Summary: Since we’ve been saved so that we can serve, it’s important for us to understand how God has wired us. When we serve in ways that maximize who we are, and what we’ve been given, the church will be fortified and we’ll experience fruitfulness and fulfillmen
Understanding Your Shape
During experiments aboard the space shuttle “Columbia,” scientists discovered that there are twenty-six lakes underneath the Sahara desert. It’s heartrending to think of the people who are starving and dying of thirst because these hidden resources have not yet been tapped.
In a similar way, there are a number of spiritual resources that lie untapped in our church and in our individual lives because we’ve simply not gone deep enough. My fear is that we’re missing out on what the Christian life is all about. Some of us are settling for something far less than what God intended.
During this series called, Improving Your Serve, we’ve been looking at some ways that we can ramp up our servanthood quotient. Last week we focused on four ways to become a servant:
Check our motives
Put others first
Follow the example of Christ
This morning we’re going to see that in order to effectively serve we must make sure that we’ve surrendered to Christ and that we have a proper estimation of self. In other words, we must first go deep before we can go long. Please turn in your Bibles to Romans 12:1-8.
Fully Express Your Surrender to God
We see in verses 1-2 that we must fully express our surrender to God. Before God wants your service He wants a guarantee that He really has you: “Therefore, I urge you, brothers, in view of God’s mercy, to offer your bodies as living sacrifices, holy and pleasing to God-this is your spiritual act of worship. Do not conform any longer to the pattern of this world, but be transformed by the renewing of your mind. Then you will be able to test and approve what God’s will is-his good, pleasing and perfect will.”
Whenever you see the word “therefore” in the Bible you should always ask what it’s there for. When we come to chapter 12 of Romans, Paul is making a shift from doctrine to practice. He follows a similar pattern in the books of Ephesians and Colossians when he establishes doctrine in the first part of the letter and then moves to application in the second half. Theology is never meant to be cold and lifeless. It must always have a practical application. It’s as if he’s saying, “Based on everything that I’ve just said, this is what you now need to put into practice.”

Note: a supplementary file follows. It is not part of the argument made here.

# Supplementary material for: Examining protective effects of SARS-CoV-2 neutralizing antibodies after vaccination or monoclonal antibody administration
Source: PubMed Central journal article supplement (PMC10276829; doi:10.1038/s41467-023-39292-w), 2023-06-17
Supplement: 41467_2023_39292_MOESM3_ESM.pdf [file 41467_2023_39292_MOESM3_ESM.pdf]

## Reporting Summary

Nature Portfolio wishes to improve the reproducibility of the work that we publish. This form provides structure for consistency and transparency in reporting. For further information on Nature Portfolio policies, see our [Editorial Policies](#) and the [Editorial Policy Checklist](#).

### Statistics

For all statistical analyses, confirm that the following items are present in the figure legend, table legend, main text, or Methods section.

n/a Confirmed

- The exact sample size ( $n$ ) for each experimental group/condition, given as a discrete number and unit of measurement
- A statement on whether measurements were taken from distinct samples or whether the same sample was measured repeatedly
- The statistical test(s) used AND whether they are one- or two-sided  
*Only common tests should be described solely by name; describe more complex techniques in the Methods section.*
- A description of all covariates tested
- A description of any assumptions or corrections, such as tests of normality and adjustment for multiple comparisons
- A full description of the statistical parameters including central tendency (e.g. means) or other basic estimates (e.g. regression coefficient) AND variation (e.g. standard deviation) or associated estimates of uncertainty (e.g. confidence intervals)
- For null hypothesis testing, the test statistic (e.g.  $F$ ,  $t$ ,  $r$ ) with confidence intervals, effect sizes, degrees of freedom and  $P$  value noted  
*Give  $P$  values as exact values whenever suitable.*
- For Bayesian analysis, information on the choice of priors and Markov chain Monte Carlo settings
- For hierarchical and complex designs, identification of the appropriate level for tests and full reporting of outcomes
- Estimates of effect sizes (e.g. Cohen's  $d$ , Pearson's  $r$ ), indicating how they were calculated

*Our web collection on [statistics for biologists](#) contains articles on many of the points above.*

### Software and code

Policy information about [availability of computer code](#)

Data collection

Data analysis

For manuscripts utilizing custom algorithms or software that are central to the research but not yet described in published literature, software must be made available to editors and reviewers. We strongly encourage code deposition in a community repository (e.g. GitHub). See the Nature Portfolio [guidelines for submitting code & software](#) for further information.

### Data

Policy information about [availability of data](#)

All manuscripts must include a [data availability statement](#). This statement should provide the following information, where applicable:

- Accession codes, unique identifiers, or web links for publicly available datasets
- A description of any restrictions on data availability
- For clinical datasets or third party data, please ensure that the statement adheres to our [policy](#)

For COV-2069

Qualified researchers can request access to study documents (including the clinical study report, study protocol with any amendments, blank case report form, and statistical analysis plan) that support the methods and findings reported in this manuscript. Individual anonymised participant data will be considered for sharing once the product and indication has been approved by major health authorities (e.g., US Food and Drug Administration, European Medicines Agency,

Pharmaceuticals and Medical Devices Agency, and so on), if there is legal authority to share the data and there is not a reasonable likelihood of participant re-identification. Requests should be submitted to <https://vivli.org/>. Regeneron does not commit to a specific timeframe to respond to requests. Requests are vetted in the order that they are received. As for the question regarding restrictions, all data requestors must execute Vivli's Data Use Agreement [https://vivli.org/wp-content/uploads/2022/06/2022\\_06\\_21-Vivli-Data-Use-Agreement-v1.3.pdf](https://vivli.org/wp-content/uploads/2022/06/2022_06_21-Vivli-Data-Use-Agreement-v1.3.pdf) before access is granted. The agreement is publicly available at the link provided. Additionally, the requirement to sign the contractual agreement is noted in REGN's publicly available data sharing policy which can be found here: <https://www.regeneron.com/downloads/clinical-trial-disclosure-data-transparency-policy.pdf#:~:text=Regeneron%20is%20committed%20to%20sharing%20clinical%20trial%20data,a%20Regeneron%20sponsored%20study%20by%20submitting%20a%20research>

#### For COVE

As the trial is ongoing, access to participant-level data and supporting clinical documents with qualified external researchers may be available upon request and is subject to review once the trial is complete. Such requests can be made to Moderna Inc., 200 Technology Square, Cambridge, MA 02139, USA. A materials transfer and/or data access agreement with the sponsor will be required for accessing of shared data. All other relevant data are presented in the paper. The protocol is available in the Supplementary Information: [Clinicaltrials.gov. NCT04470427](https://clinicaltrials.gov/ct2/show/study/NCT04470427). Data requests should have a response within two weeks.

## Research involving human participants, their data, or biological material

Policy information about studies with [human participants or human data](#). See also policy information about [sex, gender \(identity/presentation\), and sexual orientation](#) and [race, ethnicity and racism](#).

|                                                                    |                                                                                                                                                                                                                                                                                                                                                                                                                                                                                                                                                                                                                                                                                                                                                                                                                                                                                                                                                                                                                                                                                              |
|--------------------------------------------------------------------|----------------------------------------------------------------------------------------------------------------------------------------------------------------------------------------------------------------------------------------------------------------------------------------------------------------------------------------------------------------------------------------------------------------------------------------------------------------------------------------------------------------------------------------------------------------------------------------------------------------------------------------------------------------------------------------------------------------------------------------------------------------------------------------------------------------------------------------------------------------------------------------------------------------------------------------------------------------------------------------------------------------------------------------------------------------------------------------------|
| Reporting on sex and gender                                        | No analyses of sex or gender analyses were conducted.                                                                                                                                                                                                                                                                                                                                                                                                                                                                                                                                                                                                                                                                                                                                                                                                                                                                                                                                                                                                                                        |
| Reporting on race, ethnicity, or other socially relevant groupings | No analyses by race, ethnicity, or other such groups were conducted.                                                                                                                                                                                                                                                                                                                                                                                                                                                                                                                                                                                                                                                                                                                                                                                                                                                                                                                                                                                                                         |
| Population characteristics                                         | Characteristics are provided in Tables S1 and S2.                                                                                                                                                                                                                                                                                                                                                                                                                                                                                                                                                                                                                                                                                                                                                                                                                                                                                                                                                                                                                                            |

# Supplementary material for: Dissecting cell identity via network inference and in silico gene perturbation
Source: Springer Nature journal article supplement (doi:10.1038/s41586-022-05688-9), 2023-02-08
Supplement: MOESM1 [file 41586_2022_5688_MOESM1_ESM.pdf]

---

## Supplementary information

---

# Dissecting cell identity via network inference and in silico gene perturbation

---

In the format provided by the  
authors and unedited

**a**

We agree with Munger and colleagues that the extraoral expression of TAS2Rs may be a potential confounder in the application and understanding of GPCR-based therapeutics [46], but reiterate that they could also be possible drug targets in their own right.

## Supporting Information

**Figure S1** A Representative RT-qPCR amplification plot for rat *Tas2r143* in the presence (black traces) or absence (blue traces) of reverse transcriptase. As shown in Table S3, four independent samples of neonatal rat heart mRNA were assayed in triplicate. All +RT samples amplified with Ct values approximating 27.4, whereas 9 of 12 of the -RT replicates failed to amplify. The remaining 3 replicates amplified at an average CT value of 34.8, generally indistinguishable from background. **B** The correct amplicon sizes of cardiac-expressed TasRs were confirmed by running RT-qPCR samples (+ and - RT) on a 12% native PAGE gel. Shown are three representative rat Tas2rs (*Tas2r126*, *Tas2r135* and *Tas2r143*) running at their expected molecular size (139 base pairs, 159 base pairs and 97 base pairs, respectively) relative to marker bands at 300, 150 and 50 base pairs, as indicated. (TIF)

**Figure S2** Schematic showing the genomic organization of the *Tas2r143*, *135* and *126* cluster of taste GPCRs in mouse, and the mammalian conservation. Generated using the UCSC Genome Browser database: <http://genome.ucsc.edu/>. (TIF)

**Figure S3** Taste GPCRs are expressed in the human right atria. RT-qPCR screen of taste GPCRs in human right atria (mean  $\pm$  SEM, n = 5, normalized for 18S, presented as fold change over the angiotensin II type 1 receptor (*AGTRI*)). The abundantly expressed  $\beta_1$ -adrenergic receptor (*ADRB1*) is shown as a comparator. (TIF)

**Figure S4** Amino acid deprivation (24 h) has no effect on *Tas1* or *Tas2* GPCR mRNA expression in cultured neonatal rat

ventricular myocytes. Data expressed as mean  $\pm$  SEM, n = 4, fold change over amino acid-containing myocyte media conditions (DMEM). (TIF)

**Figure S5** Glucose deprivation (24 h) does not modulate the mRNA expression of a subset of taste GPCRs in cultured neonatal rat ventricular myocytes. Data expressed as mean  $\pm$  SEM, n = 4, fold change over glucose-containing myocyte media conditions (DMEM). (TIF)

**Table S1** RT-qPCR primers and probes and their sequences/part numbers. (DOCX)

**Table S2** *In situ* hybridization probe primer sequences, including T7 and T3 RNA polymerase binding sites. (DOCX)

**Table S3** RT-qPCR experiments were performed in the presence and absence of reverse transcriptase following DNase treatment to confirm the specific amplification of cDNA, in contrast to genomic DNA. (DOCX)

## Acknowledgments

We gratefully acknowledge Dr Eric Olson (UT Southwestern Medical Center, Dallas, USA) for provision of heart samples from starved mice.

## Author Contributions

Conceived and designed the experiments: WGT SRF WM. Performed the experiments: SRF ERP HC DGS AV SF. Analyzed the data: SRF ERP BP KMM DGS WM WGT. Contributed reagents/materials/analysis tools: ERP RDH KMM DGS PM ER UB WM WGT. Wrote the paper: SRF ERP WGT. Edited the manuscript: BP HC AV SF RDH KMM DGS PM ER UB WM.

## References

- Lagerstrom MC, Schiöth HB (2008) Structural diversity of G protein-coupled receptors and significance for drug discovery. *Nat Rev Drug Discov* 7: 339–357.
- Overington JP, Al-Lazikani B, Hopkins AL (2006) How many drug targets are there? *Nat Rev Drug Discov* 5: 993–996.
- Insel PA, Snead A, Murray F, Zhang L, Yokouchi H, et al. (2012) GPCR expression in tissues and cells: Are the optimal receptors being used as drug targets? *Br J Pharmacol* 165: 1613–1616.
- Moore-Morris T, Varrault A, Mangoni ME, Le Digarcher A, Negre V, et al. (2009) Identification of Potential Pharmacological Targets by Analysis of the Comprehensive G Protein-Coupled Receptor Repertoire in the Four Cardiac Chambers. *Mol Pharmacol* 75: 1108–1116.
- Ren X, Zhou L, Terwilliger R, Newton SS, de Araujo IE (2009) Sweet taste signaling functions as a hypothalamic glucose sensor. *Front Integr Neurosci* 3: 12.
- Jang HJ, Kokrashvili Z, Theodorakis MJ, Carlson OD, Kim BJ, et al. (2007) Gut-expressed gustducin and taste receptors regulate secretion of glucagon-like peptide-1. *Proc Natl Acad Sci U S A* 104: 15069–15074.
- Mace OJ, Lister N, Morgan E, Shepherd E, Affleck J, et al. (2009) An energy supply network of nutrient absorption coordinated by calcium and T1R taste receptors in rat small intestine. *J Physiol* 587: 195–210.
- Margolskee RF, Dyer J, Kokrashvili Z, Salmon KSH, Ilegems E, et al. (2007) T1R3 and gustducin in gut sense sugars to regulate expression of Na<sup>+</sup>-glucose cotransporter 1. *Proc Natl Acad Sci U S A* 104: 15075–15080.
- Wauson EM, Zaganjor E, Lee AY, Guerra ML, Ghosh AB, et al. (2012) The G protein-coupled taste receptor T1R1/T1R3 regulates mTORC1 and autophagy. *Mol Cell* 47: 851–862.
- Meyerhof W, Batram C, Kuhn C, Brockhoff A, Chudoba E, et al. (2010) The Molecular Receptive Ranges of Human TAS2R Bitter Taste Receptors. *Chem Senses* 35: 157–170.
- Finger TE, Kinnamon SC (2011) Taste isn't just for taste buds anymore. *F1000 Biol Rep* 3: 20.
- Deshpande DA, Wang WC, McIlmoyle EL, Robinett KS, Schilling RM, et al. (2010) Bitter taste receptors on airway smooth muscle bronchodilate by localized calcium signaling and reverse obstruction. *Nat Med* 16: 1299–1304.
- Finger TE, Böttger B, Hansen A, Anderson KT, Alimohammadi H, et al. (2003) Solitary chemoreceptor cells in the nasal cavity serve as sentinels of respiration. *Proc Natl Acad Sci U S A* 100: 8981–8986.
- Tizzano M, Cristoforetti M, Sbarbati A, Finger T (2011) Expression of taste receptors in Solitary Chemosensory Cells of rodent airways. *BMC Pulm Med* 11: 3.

There are at least four “therefores” in the book of Romans:
Romans 3:20 is the “therefore” of condemnation: “Therefore no one will be declared righteous in his sight by observing the law; rather, through the law we become conscious of sin.” Romans 5:1 is the “therefore” of justification: “Therefore, since we have been justified through faith, we have peace with God through our Lord Jesus Christ.” Romans 8:1 is the “therefore” of assurance: “Therefore, there is now no condemnation for those who are in Christ Jesus.” And Romans 12:1 is the “therefore” of surrender. Paul is saying that even though we are guilty and deserve to die, we have been declared righteous through faith in Christ and will never face condemnation. Based upon the entire argument in chapters 1-11, we should fully surrender our lives to Him.
The immediate context is the wonderfully deep doxology found at the end of chapter 11: “Oh, the depth of the riches of the wisdom and knowledge of God! How unsearchable His judgments, and His paths beyond finding out…for from Him and through Him and to Him are all things. To Him be the glory! Amen.”
Based on all that God has done, Paul says, “I urge you, brothers…” Even though Paul could have used a command here, he instead makes an appeal. He does a similar thing in Ephesians 4:1: “I urge you to live a life worthy of the calling you have received.” This word means to “call near” or “to invite.” Notice that he refers to them as “brothers,” indicating his affection for them as members of God’s family. He’s begging believers, not unbelievers, to do something that has not yet been done.
He makes this plea “in view of God’s mercy.” The original word used here for “mercy” is actually plural and refers to God’s multitude of mercies. He is not merciful just once but again and again. He is consistently and constantly full of mercy. John Calvin once said that we will never worship with a sincere heart or serve God with unbridled zeal until we properly understand how much we are indebted to God’s mercy. God has demonstrated so much mercy to us that we can’t help but respond by fully surrendering our lives to Him.
It’s interesting that Paul doesn’t say, “In light of God’s grace” but instead focuses on mercy. Why is that? God’s grace is demonstrated when we get what we don’t deserve, whereas His mercy is what keeps us from getting what we do deserve. Micah 7:18: “Who is a God like you, who pardons sin and forgives the transgression of the remnant of his inheritance? You do not stay angry forever but delight to show mercy.”